He walks beyond the city walls, choosing the path of death. He goes to Olive Mountain. There, in the chill of the setting sun, Jesus approaches God His Father in prayer.

In the evening dew of Gethsemane Garden, we find Jesus, still physically healthy, anticipating the pain of the cross. Jesus, who created the thorn-free Garden of Eden, now asks the Father if He can avoid the thorns of the cross. Like Paul the Apostle, who would later follow Him, Jesus will ask not once or twice. Three times He pleads to escape from His pain.

We can look in on Jesus as He prays these prayers. We see Him. The flesh of His back not yet notched by the shredding teeth of the Roman whip. The calloused flesh of His hands and feet do not yet have gaping punctures torn by the stakes, which will drive through the tissue that holds His finger and toes together.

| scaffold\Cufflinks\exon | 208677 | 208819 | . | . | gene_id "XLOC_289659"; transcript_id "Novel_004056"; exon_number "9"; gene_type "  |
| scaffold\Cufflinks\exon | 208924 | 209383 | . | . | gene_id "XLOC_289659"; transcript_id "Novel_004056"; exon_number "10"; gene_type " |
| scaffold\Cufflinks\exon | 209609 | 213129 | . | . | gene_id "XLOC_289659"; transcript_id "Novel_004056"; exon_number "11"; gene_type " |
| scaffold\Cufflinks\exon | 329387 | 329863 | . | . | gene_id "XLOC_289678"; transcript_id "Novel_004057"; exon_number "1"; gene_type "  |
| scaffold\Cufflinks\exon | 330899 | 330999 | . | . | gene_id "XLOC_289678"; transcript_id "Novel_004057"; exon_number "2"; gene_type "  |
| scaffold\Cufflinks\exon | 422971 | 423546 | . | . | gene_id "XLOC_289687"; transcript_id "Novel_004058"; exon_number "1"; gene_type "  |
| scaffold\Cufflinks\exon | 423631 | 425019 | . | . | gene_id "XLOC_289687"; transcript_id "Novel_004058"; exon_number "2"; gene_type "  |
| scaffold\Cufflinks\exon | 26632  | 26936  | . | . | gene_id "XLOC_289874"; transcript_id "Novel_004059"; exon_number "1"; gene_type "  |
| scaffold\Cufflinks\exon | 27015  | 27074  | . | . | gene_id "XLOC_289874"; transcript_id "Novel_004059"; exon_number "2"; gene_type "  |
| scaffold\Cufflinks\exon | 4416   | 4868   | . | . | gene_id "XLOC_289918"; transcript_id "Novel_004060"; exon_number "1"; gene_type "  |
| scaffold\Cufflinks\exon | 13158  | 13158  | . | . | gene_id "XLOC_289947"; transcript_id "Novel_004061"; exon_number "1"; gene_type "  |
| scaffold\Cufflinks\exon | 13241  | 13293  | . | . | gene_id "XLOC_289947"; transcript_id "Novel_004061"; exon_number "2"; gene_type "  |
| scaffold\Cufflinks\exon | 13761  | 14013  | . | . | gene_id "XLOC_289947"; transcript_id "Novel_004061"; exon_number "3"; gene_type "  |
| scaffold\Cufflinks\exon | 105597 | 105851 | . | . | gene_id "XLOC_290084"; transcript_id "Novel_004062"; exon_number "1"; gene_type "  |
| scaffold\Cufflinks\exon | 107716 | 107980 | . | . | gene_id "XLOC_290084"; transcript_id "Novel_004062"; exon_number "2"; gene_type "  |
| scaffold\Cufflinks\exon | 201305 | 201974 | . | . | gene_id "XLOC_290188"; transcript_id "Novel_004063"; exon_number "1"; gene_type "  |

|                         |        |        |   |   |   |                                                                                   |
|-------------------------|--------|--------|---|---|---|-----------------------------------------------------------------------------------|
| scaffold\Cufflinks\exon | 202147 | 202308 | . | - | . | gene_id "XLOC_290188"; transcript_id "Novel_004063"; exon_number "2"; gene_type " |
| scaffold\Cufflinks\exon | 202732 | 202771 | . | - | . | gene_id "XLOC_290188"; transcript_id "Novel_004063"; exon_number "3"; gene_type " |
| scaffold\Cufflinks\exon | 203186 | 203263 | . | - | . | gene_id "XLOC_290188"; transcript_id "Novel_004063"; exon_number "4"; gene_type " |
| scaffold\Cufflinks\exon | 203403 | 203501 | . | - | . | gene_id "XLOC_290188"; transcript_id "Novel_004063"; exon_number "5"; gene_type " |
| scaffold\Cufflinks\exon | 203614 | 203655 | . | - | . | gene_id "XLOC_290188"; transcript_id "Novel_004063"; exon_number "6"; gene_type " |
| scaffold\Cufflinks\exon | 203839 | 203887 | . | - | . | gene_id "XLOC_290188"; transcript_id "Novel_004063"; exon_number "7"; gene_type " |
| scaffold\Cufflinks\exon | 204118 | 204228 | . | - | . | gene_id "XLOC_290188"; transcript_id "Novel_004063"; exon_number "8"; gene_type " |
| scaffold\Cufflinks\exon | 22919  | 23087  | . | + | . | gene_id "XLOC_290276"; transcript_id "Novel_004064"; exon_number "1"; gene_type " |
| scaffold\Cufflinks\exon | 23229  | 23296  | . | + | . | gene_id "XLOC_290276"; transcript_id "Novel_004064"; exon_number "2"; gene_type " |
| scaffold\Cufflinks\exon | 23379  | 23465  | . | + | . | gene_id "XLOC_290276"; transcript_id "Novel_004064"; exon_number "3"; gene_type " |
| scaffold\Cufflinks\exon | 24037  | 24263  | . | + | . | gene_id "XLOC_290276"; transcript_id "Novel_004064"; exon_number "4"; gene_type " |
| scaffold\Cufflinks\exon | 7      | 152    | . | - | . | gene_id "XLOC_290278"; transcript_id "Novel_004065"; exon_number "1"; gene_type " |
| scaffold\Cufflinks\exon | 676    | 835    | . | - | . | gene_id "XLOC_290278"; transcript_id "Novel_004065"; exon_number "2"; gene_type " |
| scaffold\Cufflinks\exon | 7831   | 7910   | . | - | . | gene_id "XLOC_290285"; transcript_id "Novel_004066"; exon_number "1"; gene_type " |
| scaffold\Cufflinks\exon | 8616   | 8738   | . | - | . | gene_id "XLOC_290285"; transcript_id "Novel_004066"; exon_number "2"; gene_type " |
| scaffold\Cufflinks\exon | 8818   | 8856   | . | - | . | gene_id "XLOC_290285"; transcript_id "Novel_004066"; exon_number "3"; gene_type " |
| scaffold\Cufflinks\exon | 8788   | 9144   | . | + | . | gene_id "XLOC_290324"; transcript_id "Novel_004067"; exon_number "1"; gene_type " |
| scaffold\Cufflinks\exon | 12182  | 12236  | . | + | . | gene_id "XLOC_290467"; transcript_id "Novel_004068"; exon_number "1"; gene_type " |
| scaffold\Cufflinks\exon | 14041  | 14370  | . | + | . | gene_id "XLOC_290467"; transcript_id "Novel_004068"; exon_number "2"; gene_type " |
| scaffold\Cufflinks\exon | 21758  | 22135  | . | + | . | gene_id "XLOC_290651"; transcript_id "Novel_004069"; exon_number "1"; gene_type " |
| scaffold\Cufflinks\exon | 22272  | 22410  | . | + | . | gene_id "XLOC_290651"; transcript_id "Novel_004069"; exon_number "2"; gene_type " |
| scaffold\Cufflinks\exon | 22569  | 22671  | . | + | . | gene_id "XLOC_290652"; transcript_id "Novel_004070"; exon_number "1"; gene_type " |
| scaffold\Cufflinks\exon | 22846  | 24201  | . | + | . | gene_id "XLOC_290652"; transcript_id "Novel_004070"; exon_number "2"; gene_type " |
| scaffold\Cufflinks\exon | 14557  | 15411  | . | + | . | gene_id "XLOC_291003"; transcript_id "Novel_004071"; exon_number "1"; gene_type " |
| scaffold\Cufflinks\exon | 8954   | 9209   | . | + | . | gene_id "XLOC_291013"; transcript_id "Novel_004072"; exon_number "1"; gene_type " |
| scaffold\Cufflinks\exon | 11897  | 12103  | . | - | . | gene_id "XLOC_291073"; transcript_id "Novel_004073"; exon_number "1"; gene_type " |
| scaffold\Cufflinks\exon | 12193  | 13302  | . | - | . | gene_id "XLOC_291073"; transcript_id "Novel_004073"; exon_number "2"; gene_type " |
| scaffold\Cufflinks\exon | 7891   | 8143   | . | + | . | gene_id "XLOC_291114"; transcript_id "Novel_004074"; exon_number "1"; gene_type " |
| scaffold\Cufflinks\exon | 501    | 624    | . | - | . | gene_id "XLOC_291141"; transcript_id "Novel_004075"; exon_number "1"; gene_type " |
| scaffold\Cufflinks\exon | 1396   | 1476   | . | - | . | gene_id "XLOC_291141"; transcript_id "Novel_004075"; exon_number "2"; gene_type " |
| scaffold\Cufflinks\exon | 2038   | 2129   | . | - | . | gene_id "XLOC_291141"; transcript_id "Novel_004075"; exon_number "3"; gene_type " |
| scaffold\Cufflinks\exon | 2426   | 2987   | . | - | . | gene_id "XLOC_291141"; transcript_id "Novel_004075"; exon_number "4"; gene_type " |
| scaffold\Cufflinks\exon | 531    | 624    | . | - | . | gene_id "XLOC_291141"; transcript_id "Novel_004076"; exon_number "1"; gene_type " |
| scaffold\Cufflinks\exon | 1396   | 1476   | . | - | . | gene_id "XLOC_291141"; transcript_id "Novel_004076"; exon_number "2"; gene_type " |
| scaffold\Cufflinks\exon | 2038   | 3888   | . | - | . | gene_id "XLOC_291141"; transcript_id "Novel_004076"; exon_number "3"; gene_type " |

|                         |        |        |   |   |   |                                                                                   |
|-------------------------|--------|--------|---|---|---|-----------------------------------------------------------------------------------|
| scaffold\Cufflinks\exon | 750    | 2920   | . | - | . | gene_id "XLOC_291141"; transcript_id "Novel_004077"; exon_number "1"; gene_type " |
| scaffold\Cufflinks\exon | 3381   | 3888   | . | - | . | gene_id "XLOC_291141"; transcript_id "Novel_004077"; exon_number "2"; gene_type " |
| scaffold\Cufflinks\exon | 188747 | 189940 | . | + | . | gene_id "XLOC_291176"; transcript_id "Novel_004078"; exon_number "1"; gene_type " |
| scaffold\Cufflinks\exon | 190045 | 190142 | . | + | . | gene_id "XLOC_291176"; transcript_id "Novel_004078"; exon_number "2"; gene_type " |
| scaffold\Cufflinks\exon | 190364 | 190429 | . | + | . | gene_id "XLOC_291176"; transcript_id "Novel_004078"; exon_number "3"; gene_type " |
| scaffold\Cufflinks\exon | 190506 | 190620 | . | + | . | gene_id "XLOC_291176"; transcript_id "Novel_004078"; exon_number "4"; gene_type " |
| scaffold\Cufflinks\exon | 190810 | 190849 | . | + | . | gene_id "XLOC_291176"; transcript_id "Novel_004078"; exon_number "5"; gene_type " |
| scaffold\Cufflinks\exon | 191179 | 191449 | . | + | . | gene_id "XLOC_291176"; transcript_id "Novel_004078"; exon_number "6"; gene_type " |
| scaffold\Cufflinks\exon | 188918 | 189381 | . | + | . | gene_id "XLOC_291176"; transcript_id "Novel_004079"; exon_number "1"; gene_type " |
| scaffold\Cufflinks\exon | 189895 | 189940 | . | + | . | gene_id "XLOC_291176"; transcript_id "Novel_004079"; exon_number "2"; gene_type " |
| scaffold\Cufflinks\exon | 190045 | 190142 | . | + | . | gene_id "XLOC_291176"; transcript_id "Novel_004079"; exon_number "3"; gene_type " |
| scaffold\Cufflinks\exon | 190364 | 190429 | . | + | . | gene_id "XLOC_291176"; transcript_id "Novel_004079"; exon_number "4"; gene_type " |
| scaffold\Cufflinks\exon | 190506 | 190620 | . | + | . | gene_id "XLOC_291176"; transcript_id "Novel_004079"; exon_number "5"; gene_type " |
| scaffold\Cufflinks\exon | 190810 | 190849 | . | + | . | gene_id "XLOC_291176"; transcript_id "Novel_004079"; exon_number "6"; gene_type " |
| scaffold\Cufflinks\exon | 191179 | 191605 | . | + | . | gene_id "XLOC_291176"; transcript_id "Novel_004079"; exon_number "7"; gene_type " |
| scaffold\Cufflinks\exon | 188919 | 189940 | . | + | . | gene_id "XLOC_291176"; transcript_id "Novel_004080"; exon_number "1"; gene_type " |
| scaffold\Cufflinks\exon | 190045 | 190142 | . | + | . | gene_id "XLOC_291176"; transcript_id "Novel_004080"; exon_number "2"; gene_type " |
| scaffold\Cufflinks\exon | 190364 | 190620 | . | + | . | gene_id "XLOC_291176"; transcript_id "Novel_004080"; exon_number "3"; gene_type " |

The skin on His forehead is sweaty as He agonizes. Is that perspiration, or drops of blood glistening in the dark? Jesus’ moist brow does not yet bear the swollen trace of thorns, which will push through the muscle and nerves, toothpicks through finger-food, before scraping against the white bone of skull.

Jesus, in this moment, has no thorns in His flesh. But He knows they are coming.

From the common thorn bushes of the region, His thorns will be tied like barbed wire into a mock crown, will puncture the sensitive nerves of His forehead, bludgeoning their way through blood vessels, delicate facial muscle and tissue.